In today’s world of business, ongoing innovation cannot take a back seat.
As experts in connected product design, we’re always striving to consider and develop potential new applications for the technologies we work with in order to help our clients bring the best possible products to market.
In part one of this two-part blog series, we’ll delve into how the technology works, the advantages of employing the technology and its use in automotive applications. Part two will see us explore potential new applications for Analog Devices’ digital audio bus technology.
Using ADI’s A2B in Automotive Applications
In automotive design, there’s a delicate balance between the removal and addition of features. While weight, complexity and added costs need to be taken out, car manufacturers — and millions of drivers — increasingly expect their cars to come equipped with an advanced, feature-rich infotainment experience. From voice recognition and in-car communications to active noise cancellation and improved gas mileage, the user experience is increasingly taking priority in automotive design.
In order to help solve this challenge, Analog Devices (aka ADI) developed the A2B digital audio bus. This technology delivers high-fidelity audio for automobiles, implementations of which traditionally required a large amount of expensive, heavy cabling. But now, A2B transceivers are capable of distributing audio and control data together with clock and power over a single, low-cost, unshielded twisted-pair (UTP) wire.
The A2B audio bus connects multiple remote sensors for different applications in a daisy-chain sequence, significantly reducing heavy analog cabling runs and the weight of existing cable harnesses (by upwards of 75% in key applications), which results in improved vehicle fuel efficiency, as well as overall design costs and complexity. The technology also allows expanded use cases for microphone connectivity and is ideal for emerging multi-mic applications, such as road noise cancellation, in-car communications and autonomous driving.
The final result? Greener cars, with superior features and better designs. But how does the technology actually work?
How Analog Devices’ Automotive Audio Bus (A2B) Bus Works
An extremely new — and not-very-well-known — multidrop bus, A2B allows audio to be routed to multiple devices across one medium.
In computer architecture, a bus is a communications transport that has many entry and exit points to transfer data inside or between computers. Capable of transporting I2S/TDM/PDM data and I2C control information, along with clock and power, using a single, two-wire UTP cable over distances up to 15 meters between nodes and 40 meters over the entire daisy chain, A2B can be used as its own network, with embedded sub-networks, or as an endpoint transport bus used in combination with other, longer-distance protocols.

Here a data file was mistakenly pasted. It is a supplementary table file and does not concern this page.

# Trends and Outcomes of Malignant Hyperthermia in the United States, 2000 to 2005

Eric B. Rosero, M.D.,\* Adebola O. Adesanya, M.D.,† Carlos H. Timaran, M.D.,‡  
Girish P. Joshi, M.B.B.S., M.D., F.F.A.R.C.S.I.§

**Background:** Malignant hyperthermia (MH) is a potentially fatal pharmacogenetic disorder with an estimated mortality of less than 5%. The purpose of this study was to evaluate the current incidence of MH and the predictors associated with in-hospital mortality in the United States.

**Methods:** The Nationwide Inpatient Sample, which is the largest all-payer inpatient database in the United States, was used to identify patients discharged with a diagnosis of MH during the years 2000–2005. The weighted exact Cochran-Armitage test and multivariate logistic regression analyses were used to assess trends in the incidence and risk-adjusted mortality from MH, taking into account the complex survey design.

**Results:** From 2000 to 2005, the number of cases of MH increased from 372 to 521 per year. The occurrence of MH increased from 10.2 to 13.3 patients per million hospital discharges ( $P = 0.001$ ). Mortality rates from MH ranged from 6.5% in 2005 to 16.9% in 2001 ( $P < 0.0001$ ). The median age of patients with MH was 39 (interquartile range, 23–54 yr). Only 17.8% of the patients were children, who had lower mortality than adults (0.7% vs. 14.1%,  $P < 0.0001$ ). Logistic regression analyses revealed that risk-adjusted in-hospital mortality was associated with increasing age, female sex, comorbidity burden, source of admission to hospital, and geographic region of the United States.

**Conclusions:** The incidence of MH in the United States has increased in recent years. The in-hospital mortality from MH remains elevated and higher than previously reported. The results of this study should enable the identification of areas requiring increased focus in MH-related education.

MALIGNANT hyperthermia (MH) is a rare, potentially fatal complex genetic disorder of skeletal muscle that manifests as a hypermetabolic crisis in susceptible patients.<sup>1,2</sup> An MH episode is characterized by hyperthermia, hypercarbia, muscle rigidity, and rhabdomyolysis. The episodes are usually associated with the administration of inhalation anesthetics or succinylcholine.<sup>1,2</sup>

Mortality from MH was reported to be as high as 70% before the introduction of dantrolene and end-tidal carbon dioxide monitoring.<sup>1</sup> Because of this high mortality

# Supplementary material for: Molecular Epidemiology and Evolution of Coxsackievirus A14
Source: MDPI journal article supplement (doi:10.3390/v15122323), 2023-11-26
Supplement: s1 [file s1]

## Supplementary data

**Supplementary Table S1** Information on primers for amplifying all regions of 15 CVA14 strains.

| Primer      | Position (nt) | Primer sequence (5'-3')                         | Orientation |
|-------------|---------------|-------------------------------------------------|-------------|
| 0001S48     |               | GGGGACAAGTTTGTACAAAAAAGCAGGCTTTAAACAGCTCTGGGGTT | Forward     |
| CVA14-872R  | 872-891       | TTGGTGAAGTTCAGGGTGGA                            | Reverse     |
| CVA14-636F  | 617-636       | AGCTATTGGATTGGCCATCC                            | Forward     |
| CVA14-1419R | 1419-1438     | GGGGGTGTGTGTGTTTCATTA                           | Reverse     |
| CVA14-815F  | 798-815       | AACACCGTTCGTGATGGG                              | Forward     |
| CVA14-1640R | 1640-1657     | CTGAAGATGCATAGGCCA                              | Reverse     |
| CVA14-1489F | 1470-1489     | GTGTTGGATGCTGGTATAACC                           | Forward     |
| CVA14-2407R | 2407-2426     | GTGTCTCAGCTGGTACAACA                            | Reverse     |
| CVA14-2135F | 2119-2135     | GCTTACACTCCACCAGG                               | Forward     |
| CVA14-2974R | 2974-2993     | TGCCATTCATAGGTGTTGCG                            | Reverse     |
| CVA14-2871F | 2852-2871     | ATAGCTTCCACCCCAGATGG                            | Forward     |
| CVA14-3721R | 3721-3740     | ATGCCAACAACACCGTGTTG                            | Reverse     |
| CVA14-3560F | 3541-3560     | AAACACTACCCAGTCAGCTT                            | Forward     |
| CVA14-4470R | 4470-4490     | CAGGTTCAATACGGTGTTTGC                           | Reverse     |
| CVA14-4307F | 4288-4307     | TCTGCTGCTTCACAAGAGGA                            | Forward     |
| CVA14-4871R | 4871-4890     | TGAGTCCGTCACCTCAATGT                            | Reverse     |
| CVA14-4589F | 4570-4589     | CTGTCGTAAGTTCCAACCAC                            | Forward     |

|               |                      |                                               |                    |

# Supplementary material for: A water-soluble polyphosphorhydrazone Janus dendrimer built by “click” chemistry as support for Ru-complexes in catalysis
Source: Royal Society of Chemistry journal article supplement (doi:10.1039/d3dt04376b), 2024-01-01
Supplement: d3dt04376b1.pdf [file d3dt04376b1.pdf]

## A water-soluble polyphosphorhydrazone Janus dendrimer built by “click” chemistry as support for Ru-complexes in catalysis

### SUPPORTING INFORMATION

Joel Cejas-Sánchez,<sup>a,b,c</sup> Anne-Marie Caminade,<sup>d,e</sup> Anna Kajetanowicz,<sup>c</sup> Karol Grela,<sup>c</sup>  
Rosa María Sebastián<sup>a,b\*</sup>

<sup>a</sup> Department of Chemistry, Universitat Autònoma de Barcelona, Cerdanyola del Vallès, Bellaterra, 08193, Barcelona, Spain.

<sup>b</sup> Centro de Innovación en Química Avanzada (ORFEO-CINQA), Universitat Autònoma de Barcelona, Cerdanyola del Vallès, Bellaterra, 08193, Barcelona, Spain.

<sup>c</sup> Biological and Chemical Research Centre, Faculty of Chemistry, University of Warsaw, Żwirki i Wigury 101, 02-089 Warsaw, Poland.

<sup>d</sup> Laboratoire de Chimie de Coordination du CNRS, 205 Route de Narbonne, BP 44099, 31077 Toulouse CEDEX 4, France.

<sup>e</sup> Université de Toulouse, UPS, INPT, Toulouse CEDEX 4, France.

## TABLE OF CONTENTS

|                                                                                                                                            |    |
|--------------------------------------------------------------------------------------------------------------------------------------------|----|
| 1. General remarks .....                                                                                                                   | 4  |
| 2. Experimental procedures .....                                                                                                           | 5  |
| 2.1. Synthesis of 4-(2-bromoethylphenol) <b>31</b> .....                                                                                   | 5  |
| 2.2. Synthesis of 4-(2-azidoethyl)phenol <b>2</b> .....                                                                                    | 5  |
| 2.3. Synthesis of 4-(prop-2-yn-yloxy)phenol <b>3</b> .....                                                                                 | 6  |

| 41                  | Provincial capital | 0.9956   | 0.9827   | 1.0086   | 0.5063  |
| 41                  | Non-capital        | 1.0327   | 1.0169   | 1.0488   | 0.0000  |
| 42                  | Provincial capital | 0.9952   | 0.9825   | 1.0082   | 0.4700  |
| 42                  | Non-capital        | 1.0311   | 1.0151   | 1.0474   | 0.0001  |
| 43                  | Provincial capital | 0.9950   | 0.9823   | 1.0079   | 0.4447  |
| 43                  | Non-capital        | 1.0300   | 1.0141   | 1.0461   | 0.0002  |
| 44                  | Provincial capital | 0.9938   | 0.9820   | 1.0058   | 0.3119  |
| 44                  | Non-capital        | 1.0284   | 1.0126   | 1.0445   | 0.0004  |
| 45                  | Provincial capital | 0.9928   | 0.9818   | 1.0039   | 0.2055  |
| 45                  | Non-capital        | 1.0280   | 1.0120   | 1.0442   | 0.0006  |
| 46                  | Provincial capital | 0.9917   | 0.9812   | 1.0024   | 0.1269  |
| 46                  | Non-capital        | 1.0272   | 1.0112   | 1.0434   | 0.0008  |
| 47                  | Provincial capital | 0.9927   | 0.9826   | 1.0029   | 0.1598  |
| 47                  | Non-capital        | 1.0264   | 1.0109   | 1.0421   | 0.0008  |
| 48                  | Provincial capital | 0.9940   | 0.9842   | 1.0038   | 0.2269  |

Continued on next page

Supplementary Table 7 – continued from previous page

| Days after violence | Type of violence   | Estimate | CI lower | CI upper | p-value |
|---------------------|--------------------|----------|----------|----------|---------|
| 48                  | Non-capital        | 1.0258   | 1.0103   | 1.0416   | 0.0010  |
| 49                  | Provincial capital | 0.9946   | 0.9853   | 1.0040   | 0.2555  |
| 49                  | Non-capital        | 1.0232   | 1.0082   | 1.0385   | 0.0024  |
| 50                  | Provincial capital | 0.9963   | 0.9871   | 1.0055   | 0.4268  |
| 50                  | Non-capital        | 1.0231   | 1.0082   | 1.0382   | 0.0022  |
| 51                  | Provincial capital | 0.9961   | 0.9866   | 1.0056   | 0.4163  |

With extremely low, predictable delay and next to zero or zero jitter, A2B offers a number of advantages over alternative technologies.
By using the same development tool that supports the Analog Devices SigmaDSP(r) and SHARC(r) processor families, the design of an A2B-enabled system is simple due to the graphical design environment’s configurable, flexible, low-risk and easy-to-use nature.
As previously mentioned, A2B reduces system complexity and cable costs. The technology’s ability to provide power to remote nodes over the same UTP cable used to transport data removes the need for a local power supply on each bus-powered secondary node, ultimately reducing the system’s overall bill of materials (BOM) costs, weight and complexity.
Plus, by ensuring simultaneous sampling and delivery of data on all system nodes for each frame, A2B technology delivers deterministic and very low, sub-50 microsecond (µs) latency. Ideal for transporting digital audio, A2B features a configurable 44.1 kHz or 48 kHz frame rate and up to a 50 Mbps bandwidth to deliver truly superior audio quality relative to analog connections.
ADI has decided to release the technology to the wide market by incorporating it into some of their processor chips, but given it costs something like $25 million to make a new chip, we have been somewhat surprised by the lack of adoption for different applications across other markets as the technology addresses a range of common engineering challenges.
That’s where Cardinal Peak comes in. Due to our experience in utilizing A2B technology, we’ve come up with a few potential applications for A2B that extends outside of the automobile. Stay tuned to the Cardinal Peak blog for part two in order to discover what those new applications might be.